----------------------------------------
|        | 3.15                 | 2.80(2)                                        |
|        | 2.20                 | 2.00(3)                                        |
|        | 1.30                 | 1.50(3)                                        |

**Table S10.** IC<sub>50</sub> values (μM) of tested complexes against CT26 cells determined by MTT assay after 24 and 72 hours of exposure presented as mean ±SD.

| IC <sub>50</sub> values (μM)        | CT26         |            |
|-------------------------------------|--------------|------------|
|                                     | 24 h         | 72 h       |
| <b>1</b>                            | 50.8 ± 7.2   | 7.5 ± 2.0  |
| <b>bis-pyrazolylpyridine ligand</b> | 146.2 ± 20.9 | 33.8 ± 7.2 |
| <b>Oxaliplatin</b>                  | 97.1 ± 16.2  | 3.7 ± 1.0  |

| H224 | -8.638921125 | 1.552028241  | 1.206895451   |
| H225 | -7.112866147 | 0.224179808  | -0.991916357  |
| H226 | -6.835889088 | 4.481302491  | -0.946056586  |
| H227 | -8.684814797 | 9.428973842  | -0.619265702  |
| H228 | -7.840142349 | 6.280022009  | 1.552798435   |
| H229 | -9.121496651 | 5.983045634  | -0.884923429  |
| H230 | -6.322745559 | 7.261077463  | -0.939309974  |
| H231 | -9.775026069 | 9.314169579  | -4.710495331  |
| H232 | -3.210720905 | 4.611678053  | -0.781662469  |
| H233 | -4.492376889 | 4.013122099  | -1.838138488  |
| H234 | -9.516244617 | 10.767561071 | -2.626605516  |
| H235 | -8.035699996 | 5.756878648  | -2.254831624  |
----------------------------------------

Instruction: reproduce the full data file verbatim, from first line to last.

|        | 3.15                 | 2.80(2)                                        |
|        | 2.20                 | 2.00(3)                                        |
|        | 1.30                 | 1.50(3)                                        |

**Table S10.** IC<sub>50</sub> values (μM) of tested complexes against CT26 cells determined by MTT assay after 24 and 72 hours of exposure presented as mean ±SD.

| IC <sub>50</sub> values (μM)        | CT26         |            |
|-------------------------------------|--------------|------------|
|                                     | 24 h         | 72 h       |
| <b>1</b>                            | 50.8 ± 7.2   | 7.5 ± 2.0  |
| <b>bis-pyrazolylpyridine ligand</b> | 146.2 ± 20.9 | 33.8 ± 7.2 |
| <b>Oxaliplatin</b>                  | 97.1 ± 16.2  | 3.7 ± 1.0  |

| H224 | -8.638921125 | 1.552028241  | 1.206895451   |
| H225 | -7.112866147 | 0.224179808  | -0.991916357  |
| H226 | -6.835889088 | 4.481302491  | -0.946056586  |
| H227 | -8.684814797 | 9.428973842  | -0.619265702  |
| H228 | -7.840142349 | 6.280022009  | 1.552798435   |
| H229 | -9.121496651 | 5.983045634  | -0.884923429  |
| H230 | -6.322745559 | 7.261077463  | -0.939309974  |
| H231 | -9.775026069 | 9.314169579  | -4.710495331  |
| H232 | -3.210720905 | 4.611678053  | -0.781662469  |
| H233 | -4.492376889 | 4.013122099  | -1.838138488  |
| H234 | -9.516244617 | 10.767561071 | -2.626605516  |
| H235 | -8.035699996 | 5.756878648  | -2.254831624  |